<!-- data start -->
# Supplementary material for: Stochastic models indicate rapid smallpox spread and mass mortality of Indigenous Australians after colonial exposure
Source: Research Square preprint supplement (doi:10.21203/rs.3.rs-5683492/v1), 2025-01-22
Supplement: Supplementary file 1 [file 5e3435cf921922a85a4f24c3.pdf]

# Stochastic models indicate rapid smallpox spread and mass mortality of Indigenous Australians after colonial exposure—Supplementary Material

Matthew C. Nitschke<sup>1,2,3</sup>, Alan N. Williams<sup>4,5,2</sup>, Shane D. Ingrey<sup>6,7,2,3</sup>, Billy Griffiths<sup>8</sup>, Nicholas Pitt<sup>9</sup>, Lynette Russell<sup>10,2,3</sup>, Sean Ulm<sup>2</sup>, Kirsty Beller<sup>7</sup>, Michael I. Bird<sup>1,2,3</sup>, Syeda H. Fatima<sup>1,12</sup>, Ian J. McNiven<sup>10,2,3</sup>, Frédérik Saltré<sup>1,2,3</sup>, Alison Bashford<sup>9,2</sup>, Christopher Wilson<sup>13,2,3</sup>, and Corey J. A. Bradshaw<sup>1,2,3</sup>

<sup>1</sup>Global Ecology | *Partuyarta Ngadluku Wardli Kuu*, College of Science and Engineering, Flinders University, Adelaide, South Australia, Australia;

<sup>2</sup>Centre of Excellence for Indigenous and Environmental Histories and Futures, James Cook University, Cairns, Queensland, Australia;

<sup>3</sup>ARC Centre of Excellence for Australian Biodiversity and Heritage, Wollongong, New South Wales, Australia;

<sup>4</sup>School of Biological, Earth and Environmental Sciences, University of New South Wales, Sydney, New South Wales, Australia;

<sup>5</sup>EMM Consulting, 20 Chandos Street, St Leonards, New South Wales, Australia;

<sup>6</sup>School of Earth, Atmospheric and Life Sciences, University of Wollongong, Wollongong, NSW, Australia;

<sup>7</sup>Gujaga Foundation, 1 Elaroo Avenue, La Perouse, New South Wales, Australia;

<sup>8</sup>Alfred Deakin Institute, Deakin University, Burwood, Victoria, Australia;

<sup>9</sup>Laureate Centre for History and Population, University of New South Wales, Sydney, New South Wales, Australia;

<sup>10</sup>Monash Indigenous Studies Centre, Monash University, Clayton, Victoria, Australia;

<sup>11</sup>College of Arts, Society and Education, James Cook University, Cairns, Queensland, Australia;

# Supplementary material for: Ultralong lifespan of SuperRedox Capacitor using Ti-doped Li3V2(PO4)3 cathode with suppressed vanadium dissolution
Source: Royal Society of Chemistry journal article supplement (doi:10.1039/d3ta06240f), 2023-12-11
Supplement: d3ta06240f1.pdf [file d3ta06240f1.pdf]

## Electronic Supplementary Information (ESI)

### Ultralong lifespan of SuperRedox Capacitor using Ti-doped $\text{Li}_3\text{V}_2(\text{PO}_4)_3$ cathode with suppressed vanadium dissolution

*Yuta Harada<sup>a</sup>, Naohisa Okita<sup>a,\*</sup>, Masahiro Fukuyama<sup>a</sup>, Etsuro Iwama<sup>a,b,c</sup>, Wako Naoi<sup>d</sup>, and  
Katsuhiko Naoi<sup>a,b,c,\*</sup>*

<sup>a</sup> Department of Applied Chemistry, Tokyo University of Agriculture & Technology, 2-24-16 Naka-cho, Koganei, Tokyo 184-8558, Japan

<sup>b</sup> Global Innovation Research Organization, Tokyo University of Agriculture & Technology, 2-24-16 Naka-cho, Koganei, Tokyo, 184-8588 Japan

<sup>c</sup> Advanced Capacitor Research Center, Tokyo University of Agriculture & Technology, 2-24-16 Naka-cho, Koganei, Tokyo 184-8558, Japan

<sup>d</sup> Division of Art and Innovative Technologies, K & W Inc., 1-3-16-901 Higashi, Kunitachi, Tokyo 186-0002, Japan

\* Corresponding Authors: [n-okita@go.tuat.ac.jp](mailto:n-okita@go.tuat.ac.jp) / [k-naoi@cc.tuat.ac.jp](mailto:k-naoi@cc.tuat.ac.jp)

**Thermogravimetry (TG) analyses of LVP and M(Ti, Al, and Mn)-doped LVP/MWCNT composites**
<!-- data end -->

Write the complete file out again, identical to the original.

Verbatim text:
# Supplementary material for: Stochastic models indicate rapid smallpox spread and mass mortality of Indigenous Australians after colonial exposure
Source: Research Square preprint supplement (doi:10.21203/rs.3.rs-5683492/v1), 2025-01-22
Supplement: Supplementary file 1 [file 5e3435cf921922a85a4f24c3.pdf]

# Stochastic models indicate rapid smallpox spread and mass mortality of Indigenous Australians after colonial exposure—Supplementary Material

Matthew C. Nitschke<sup>1,2,3</sup>, Alan N. Williams<sup>4,5,2</sup>, Shane D. Ingrey<sup>6,7,2,3</sup>, Billy Griffiths<sup>8</sup>, Nicholas Pitt<sup>9</sup>, Lynette Russell<sup>10,2,3</sup>, Sean Ulm<sup>2</sup>, Kirsty Beller<sup>7</sup>, Michael I. Bird<sup>1,2,3</sup>, Syeda H. Fatima<sup>1,12</sup>, Ian J. McNiven<sup>10,2,3</sup>, Frédérik Saltré<sup>1,2,3</sup>, Alison Bashford<sup>9,2</sup>, Christopher Wilson<sup>13,2,3</sup>, and Corey J. A. Bradshaw<sup>1,2,3</sup>

<sup>1</sup>Global Ecology | *Partuyarta Ngadluku Wardli Kuu*, College of Science and Engineering, Flinders University, Adelaide, South Australia, Australia;

<sup>2</sup>Centre of Excellence for Indigenous and Environmental Histories and Futures, James Cook University, Cairns, Queensland, Australia;

<sup>3</sup>ARC Centre of Excellence for Australian Biodiversity and Heritage, Wollongong, New South Wales, Australia;

<sup>4</sup>School of Biological, Earth and Environmental Sciences, University of New South Wales, Sydney, New South Wales, Australia;

<sup>5</sup>EMM Consulting, 20 Chandos Street, St Leonards, New South Wales, Australia;

<sup>6</sup>School of Earth, Atmospheric and Life Sciences, University of Wollongong, Wollongong, NSW, Australia;

<sup>7</sup>Gujaga Foundation, 1 Elaroo Avenue, La Perouse, New South Wales, Australia;

<sup>8</sup>Alfred Deakin Institute, Deakin University, Burwood, Victoria, Australia;

<sup>9</sup>Laureate Centre for History and Population, University of New South Wales, Sydney, New South Wales, Australia;

<sup>10</sup>Monash Indigenous Studies Centre, Monash University, Clayton, Victoria, Australia;

<sup>11</sup>College of Arts, Society and Education, James Cook University, Cairns, Queensland, Australia;

# Supplementary material for: Ultralong lifespan of SuperRedox Capacitor using Ti-doped Li3V2(PO4)3 cathode with suppressed vanadium dissolution
Source: Royal Society of Chemistry journal article supplement (doi:10.1039/d3ta06240f), 2023-12-11
Supplement: d3ta06240f1.pdf [file d3ta06240f1.pdf]

## Electronic Supplementary Information (ESI)

### Ultralong lifespan of SuperRedox Capacitor using Ti-doped $\text{Li}_3\text{V}_2(\text{PO}_4)_3$ cathode with suppressed vanadium dissolution

*Yuta Harada<sup>a</sup>, Naohisa Okita<sup>a,\*</sup>, Masahiro Fukuyama<sup>a</sup>, Etsuro Iwama<sup>a,b,c</sup>, Wako Naoi<sup>d</sup>, and  
Katsuhiko Naoi<sup>a,b,c,\*</sup>*

<sup>a</sup> Department of Applied Chemistry, Tokyo University of Agriculture & Technology, 2-24-16 Naka-cho, Koganei, Tokyo 184-8558, Japan

<sup>b</sup> Global Innovation Research Organization, Tokyo University of Agriculture & Technology, 2-24-16 Naka-cho, Koganei, Tokyo, 184-8588 Japan

<sup>c</sup> Advanced Capacitor Research Center, Tokyo University of Agriculture & Technology, 2-24-16 Naka-cho, Koganei, Tokyo 184-8558, Japan

<sup>d</sup> Division of Art and Innovative Technologies, K & W Inc., 1-3-16-901 Higashi, Kunitachi, Tokyo 186-0002, Japan

\* Corresponding Authors: [n-okita@go.tuat.ac.jp](mailto:n-okita@go.tuat.ac.jp) / [k-naoi@cc.tuat.ac.jp](mailto:k-naoi@cc.tuat.ac.jp)

**Thermogravimetry (TG) analyses of LVP and M(Ti, Al, and Mn)-doped LVP/MWCNT composites**